My Rating: 3 of 5 Stars
Page Count: 201
Date Finished: July 22, 2017
This right here is more like the Steinbeck I know and love.
The Pastures of Heaven was likely the world’s first encounter with how strong his social narrative could be in respect to small town people. The Pastures of Heaven, his second work and published in 1932, radiates with the signature Steinbeck style that I didn’t feel when I read Cup of Gold. The Pastures of Heaven is the land between Salinas and Monterey, so right there you know he is in his sweet spot. Like his later works, he creates an atmosphere and a relationship with the setting of the story, but the real spotlight is always the people who inhabit it. Every character that is introduced is flawed in many ways, but you can’t help but feel for them as they live through mistakes, tragedy, and triumph. He takes characters from one story and has them appear later on in another story to fully illustrate the surroundings and sense of community that is not unlike Cannery Row. The way people are introduced to begin each story reminded me of the beginning portion in East of Eden where he patiently introduces the characters and setting. The dark subject matter is dealt with head on and builds throughout, providing an interesting contrast with the colors and beauty of the land. Steinbeck highlights in one of the stories how outsiders looking in feel the people on these farms must live a simple and fulfilling existence, but in reality, they have no idea what goes on in these folks lives.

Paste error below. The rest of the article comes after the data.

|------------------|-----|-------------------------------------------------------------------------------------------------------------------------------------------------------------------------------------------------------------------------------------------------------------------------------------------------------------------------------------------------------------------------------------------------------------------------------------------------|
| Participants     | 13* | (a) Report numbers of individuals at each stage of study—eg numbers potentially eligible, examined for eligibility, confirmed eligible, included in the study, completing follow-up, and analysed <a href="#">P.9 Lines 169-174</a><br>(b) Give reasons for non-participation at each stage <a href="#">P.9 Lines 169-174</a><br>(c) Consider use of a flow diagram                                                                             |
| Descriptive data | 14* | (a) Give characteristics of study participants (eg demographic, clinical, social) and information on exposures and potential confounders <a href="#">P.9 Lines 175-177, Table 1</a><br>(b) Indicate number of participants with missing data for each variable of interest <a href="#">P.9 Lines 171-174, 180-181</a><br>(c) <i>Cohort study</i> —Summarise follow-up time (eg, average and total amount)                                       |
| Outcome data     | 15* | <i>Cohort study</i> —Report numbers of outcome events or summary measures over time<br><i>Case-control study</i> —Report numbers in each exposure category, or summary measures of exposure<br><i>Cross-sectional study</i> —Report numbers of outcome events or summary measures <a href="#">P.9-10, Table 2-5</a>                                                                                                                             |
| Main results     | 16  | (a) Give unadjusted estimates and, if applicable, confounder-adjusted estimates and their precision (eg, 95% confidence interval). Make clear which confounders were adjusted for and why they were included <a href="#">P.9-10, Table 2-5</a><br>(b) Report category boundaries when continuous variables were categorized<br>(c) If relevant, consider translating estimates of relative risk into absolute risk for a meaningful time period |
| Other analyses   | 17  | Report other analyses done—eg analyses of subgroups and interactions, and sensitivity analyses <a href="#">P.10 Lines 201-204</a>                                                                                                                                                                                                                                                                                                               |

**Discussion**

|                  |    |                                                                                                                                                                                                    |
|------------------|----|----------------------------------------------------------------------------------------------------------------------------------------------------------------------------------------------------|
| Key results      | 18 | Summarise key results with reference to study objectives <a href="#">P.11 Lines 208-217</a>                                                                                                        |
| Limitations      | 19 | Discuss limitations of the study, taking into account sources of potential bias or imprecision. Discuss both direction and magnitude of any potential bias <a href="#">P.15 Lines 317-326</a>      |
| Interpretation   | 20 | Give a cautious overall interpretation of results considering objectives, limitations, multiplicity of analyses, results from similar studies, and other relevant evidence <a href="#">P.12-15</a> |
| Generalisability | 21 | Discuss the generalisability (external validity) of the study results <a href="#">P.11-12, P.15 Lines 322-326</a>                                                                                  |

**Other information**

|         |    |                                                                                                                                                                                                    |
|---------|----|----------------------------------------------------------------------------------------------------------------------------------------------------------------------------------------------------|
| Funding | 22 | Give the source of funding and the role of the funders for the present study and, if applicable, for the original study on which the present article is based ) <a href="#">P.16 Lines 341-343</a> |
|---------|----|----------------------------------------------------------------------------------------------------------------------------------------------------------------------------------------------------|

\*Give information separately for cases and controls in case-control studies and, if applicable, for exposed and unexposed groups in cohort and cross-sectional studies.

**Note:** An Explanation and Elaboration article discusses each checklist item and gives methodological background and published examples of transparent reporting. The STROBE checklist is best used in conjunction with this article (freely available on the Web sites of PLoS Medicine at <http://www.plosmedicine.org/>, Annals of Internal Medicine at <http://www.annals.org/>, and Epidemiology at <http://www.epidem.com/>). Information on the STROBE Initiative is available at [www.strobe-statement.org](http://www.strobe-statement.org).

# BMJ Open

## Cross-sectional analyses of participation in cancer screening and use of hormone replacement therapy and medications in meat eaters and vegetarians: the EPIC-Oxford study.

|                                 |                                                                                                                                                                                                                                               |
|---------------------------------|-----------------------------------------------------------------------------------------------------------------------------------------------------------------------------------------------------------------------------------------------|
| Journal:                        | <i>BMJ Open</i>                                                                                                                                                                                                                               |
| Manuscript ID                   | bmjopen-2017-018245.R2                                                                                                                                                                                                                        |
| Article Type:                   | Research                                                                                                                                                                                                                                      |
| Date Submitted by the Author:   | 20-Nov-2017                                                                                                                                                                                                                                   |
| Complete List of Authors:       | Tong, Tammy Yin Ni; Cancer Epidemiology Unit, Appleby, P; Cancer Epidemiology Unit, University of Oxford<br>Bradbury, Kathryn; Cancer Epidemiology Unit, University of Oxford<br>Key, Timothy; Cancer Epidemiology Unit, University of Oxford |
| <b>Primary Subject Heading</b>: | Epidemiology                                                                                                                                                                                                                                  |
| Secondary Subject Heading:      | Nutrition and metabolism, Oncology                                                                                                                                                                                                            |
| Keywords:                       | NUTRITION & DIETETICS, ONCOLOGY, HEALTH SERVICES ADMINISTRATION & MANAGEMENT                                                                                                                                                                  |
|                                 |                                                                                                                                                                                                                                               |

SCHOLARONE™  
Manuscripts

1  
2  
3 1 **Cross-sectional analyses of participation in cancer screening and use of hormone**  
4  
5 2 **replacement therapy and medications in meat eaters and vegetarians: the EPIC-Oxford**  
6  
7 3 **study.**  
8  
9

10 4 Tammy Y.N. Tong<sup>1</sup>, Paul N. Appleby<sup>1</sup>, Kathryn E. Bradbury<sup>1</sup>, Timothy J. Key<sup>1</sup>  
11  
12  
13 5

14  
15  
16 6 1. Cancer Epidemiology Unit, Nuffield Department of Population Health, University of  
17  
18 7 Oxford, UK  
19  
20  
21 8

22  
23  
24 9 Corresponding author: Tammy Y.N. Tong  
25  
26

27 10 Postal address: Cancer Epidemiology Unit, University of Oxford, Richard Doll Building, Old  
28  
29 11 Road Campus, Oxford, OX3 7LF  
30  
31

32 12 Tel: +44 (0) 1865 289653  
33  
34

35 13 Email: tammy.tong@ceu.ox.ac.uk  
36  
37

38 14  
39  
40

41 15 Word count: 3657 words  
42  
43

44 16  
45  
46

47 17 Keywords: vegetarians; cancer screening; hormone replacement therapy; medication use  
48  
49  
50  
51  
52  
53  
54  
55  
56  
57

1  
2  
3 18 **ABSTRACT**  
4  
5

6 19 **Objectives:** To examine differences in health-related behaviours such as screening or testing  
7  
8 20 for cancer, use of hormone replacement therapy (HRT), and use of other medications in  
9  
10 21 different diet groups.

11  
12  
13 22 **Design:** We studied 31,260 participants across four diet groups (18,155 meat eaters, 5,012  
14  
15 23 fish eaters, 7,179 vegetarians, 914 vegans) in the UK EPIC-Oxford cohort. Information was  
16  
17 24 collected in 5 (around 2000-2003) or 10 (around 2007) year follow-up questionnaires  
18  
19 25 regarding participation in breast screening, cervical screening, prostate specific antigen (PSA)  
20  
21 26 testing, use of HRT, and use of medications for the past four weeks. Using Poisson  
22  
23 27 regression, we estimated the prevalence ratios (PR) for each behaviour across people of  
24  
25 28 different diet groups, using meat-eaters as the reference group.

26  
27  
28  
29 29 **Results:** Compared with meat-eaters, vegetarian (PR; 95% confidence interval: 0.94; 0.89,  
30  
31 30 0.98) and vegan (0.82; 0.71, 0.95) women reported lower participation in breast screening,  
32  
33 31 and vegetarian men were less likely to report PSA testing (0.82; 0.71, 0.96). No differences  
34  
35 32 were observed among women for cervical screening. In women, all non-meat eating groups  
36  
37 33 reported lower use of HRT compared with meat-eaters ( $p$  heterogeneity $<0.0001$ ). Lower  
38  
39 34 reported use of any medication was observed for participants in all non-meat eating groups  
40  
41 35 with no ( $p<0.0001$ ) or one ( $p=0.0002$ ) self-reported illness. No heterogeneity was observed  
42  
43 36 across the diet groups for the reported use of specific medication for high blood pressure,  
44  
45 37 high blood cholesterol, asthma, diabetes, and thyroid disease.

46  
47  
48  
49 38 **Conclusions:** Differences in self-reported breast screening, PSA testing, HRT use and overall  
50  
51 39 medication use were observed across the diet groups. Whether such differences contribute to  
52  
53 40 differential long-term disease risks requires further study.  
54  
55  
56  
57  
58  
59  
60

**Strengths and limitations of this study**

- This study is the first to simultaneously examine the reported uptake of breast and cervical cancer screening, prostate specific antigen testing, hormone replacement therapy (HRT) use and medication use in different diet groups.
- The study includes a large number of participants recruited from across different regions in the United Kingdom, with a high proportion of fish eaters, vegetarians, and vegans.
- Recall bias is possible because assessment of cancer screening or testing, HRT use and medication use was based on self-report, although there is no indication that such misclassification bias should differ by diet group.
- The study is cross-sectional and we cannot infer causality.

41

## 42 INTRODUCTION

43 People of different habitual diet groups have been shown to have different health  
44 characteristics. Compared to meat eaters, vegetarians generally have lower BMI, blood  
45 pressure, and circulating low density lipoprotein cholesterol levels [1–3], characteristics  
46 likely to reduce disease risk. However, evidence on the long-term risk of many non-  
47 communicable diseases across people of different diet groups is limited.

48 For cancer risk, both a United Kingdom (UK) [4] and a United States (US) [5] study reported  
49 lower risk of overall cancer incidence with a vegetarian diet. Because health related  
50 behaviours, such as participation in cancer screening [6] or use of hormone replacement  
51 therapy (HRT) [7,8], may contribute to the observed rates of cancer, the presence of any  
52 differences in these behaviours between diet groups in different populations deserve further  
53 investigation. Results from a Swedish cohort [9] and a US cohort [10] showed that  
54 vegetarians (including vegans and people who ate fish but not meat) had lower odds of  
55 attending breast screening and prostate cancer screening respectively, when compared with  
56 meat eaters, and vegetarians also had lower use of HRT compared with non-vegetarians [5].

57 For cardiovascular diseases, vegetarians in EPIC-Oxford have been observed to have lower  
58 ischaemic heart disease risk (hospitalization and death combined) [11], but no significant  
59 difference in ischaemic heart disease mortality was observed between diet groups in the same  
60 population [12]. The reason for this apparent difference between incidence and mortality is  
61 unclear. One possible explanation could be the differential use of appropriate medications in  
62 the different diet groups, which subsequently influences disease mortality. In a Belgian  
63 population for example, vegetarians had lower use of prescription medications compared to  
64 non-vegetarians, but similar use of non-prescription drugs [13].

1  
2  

Reading this I couldn’t help but feel like I wanted to know more about each of these stories. It was a sort of tease because they were short stories with not much closure. Its point was more to provide an interesting social study in each one. Because of this small taste of what’s to come, I couldn’t be more excited to read more of his work. I don’t know how long these stories will stick with me, but they were definitely enjoyable. They are also re-readable. I could revisit these and likely notice more of the nuances in the generational aspect in some of the stories and the overall timeline in which they occurred. A solid summer read, filled with smooth and vibrant prose. To a God Unknown is next!